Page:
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The joke goes something like this, “Question: how can you identify the extrovert engineer? Answer: s/he’s the one staring at your shoes!” Let’s face it, engineers have a problem with our visibility. When you ask the typical person on the street, “what do engineers do?” The single most common response is, “drive trains.” In 2002, the National Academy of Engineering published a report, Raising Public Awareness of Engineering, which documented that the engineering community has spent hundreds of millions of dollars annually in an effort to promote the public understanding of engineering. And all of this investment has yielded little fruit. In 2008, the NAE published a follow-up report, Changing the Conversation: Messages for Improving Public Understanding of Engineering, which summarized more than 18 months of effort by public relations experts and engineers to identify and test a small number of messages that show potential for improving the public understanding of engineering. Among the five recommendations presented in the report, the bottom line is that engineers need to “reposition” the public’s understanding of engineering and adopt language that emphasizes the positive impact of engineering in the world (i.e., “helps society”) rather than emphasizing the necessary skills (i.e., “math” and “build things”) and personal benefits (i.e., “high salary”) of a career in engineering. Although limited in scope of study, the preliminary messages that tested well included, “Engineers make a world of difference,” “Engineers are creative problem solvers,” “Engineers help shape the future,” and “Engineering is essential to our health, happiness, and safety.” In 2013, the NAE published their final report in this series, Messaging for Engineering: From Research to Action, which documented additional experience using the messages and outlined a series of “calls to action” to include “individual proponents who spread the (new) message in one-on-one and group interactions.” One “call to action” specifically encourages the American Society for Engineering Education (ASEE) to include a recurring session on “messaging” at the annual ASEE conference and at the yearly Engineering Deans Council Public Policy Colloquium. A search of ASEE PEER with the phrase, “changing the conversation,” shows a steady publication of approximately 25 articles per year, and while the majority appear in three divisions (Women in Engineering; Liberal Education/Engineering & Society; and Educational Research and Methods) it is encouraging to note that at least a couple of papers appear in many of ASEE’s divisions.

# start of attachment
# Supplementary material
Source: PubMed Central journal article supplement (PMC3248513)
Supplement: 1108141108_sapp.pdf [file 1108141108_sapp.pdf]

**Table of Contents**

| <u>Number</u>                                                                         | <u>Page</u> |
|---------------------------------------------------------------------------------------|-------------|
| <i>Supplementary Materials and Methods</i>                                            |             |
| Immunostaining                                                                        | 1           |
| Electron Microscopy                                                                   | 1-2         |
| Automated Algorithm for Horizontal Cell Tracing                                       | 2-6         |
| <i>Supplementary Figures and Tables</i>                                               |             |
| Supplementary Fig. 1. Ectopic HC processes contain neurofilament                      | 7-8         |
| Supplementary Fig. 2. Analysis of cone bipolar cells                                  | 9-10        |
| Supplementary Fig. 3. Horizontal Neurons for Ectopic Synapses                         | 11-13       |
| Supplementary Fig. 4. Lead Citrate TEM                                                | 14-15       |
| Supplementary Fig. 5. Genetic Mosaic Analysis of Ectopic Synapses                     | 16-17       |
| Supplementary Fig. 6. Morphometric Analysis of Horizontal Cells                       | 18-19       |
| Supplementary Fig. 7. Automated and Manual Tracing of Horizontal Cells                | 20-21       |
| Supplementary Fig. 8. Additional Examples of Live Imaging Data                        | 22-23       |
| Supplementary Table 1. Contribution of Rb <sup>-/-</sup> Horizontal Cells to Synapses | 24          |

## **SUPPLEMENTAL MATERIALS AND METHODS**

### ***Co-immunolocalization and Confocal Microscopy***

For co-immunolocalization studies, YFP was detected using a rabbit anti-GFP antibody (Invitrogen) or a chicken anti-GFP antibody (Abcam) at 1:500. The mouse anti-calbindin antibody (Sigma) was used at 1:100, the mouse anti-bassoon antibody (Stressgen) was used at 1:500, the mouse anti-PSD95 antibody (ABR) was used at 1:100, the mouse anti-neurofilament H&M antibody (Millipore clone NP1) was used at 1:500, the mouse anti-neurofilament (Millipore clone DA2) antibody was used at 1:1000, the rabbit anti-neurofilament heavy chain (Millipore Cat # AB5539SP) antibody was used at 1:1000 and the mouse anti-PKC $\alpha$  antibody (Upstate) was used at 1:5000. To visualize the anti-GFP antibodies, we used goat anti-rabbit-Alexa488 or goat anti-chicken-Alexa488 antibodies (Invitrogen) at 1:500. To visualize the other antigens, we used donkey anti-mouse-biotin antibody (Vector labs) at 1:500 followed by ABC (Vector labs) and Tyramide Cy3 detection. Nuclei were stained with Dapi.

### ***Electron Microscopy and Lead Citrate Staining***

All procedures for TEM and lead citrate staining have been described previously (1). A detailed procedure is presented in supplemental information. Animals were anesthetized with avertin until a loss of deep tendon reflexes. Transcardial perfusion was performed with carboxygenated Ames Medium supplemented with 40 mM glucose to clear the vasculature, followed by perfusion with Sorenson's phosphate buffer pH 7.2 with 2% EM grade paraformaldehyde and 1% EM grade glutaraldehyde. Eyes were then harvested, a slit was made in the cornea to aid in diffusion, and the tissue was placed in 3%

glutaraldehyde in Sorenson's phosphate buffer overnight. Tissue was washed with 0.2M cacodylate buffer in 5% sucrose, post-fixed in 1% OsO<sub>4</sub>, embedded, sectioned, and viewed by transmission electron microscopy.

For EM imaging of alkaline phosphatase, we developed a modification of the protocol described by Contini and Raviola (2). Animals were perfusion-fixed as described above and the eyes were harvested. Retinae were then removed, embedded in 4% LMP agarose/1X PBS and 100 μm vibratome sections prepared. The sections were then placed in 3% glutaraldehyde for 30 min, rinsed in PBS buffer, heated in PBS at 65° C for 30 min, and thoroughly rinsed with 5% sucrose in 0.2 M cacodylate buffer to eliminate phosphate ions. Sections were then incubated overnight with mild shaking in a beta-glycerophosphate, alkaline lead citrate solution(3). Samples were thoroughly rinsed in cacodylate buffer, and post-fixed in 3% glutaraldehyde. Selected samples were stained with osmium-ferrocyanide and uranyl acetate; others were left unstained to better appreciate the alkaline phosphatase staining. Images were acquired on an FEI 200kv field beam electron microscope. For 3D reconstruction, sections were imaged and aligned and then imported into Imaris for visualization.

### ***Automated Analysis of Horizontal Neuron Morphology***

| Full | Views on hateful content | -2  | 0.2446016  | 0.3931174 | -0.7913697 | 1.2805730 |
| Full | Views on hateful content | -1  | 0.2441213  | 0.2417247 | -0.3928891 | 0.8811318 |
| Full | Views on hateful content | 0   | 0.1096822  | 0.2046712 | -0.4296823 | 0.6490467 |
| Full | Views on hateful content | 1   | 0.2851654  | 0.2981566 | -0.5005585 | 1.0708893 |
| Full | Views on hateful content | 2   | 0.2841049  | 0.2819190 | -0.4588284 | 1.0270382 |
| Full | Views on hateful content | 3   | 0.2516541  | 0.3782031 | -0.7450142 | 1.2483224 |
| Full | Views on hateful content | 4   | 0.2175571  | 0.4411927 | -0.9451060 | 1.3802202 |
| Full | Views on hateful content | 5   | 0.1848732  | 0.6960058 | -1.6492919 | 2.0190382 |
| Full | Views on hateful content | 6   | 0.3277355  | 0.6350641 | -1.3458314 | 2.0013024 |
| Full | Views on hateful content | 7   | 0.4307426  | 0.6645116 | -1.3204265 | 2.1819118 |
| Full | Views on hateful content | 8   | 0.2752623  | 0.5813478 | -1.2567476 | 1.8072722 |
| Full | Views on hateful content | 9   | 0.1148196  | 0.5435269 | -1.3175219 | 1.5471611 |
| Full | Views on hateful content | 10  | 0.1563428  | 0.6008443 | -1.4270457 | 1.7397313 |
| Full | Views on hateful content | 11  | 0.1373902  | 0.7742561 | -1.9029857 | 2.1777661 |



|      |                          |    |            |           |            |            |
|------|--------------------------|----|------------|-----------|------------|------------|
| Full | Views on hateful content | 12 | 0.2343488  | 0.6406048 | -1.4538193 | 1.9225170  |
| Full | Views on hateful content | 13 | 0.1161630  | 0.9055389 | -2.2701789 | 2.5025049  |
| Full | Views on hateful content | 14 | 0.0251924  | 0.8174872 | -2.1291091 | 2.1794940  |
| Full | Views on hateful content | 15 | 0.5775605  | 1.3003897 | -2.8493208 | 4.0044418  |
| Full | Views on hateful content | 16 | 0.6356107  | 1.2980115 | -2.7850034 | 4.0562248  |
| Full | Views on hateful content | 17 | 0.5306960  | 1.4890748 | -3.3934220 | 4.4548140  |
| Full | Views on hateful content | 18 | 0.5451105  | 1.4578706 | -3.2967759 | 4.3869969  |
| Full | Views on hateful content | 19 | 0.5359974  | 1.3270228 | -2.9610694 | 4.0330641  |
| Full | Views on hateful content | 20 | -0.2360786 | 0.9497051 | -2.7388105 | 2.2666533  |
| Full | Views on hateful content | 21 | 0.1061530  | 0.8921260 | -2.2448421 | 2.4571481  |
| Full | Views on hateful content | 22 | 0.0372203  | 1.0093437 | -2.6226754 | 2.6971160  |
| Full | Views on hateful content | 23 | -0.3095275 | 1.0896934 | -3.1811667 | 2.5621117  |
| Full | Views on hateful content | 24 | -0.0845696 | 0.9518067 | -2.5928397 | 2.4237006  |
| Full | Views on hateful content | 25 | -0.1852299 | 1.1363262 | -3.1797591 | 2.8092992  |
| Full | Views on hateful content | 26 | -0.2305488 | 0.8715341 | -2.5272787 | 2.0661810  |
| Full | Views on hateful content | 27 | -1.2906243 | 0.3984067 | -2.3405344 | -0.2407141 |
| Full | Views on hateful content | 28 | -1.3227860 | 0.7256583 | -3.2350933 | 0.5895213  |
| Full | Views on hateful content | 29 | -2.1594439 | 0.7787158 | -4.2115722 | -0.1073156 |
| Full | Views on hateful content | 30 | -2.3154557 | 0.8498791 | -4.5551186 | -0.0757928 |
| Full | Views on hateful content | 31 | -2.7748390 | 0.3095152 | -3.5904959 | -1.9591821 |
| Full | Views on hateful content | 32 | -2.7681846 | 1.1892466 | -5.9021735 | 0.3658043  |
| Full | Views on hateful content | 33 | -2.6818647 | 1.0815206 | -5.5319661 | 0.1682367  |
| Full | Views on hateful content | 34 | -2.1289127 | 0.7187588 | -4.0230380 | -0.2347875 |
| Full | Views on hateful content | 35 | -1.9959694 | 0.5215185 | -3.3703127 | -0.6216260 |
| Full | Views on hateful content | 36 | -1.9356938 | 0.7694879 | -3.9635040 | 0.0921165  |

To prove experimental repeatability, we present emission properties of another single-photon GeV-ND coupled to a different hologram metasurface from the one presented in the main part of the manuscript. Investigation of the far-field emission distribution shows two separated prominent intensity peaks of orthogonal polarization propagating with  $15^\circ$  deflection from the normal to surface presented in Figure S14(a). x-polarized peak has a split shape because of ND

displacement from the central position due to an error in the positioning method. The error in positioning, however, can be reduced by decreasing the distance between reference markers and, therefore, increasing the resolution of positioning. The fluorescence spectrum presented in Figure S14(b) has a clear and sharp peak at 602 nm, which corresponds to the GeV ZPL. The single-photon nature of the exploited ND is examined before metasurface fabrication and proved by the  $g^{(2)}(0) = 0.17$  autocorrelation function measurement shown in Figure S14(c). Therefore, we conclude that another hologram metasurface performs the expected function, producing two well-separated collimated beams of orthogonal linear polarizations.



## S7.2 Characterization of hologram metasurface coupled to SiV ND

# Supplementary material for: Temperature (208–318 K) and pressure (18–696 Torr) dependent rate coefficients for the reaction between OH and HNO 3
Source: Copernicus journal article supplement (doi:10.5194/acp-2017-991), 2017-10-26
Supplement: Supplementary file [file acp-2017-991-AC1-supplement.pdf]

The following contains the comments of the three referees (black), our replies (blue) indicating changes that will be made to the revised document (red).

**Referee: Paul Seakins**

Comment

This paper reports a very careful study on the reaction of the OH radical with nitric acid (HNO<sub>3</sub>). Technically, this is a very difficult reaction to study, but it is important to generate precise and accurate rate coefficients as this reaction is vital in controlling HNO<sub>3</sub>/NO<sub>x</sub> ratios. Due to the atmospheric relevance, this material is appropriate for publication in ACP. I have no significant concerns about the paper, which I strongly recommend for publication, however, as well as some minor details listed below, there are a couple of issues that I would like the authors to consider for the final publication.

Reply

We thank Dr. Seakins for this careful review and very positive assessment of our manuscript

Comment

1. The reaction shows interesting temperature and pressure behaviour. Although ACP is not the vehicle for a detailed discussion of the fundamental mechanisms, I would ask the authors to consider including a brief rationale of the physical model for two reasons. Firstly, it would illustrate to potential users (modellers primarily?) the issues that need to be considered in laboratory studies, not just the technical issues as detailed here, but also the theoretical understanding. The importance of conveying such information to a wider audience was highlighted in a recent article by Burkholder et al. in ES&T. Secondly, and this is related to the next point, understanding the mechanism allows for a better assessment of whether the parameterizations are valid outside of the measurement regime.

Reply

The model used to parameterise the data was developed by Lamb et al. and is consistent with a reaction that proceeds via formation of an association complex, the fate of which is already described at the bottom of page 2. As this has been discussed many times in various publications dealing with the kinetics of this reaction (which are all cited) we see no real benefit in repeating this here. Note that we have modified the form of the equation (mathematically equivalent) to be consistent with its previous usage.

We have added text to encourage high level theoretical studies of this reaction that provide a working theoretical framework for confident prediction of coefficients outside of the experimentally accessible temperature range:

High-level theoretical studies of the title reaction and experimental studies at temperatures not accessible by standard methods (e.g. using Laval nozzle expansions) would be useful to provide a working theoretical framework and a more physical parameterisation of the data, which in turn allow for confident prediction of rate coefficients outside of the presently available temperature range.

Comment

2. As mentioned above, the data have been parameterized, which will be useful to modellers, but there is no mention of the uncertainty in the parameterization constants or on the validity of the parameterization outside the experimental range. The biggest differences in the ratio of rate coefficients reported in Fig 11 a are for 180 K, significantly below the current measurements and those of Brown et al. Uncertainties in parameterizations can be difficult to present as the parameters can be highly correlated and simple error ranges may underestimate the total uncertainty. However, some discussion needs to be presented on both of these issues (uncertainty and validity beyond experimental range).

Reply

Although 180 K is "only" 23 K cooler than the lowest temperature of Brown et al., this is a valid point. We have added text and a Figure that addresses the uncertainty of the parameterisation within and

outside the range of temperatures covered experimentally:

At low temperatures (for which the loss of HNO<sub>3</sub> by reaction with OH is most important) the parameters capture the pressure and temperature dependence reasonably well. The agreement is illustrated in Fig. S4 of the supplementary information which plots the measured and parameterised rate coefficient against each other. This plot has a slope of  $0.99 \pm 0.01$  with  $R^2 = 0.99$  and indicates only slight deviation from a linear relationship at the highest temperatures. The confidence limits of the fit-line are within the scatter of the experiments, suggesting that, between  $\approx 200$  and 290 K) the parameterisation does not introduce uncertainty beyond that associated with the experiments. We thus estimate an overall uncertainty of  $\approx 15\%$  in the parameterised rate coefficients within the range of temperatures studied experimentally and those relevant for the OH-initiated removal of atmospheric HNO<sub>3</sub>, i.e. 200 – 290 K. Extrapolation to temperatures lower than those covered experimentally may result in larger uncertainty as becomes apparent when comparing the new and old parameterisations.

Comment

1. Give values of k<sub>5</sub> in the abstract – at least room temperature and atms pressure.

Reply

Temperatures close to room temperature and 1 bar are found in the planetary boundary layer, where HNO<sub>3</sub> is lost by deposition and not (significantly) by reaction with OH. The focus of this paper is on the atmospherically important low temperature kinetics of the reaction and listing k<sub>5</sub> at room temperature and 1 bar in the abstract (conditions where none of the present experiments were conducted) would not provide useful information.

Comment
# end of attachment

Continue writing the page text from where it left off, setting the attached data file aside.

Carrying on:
The purpose of this article is to highlight an opportunity that engineers may be able to use to leverage our desire to increase public understanding of our profession: namely, getting engineers on boards. In 2011, the now-named National Academy of Medicine (then-named the Institute of Medicine, IOM) published a report, The Future of Nursing: Leading Change, Advancing Health, which envisioned a bold future where nurses could bring, “a steadfast commitment to patient care, improved safety and quality, and better outcomes,” to serve as, “team members and leaders for a reformed and better-integrated, patient-centered health care system,” advanced by the Affordable Care Act (ACA). One of the four key messages of the report was, “nurses should be full partners, with physicians and other health professionals, in redesigning health care in the United States.” To support this charge, a coalition of nursing organizations representing the more than three million registered nurses (RNs) throughout the US created the “Nurses on Boards” campaign (see: Begun in 2014, the goal is simple, “10,000 nurses on boards by 2020 where board is defined as a decision-making body with strategic influence to improve the health of communities nationwide – including corporate, government, non-profit, advisory, or governance boards or commissions, panels, or task forces that have fiduciary or strategic responsibility.”

This article highlights the similarities among the objectives of nurses who formed the “Nurses on Boards” coalition and the objectives of engineers who formed the “Changing the Conversation” campaign. This article also summarizes demographic data from the US Department of Commerce comparing the nursing and engineering professions. And finally, this article outlines a zero-draft plan for getting “Engineers on Boards” as a way of achieving the objectives of “Changing the Conversation.” This article argues that positioning engineering leaders on boards creates individual proponents who spread the (new) message (of engineering) in one-on-one and group interactions where leader set a vision and role model attitudes and behaviors that impact large teams of followers.

Oerther, D. B. (2018, June), Leveraging the NAM’s 'Getting Nurses on Boards Coalition' to Promote NAE’s 'Changing the Conversation' Campaign Paper presented at 2018 ASEE Annual Conference & Exposition , Salt Lake City, Utah. 10.18260/1-2--30771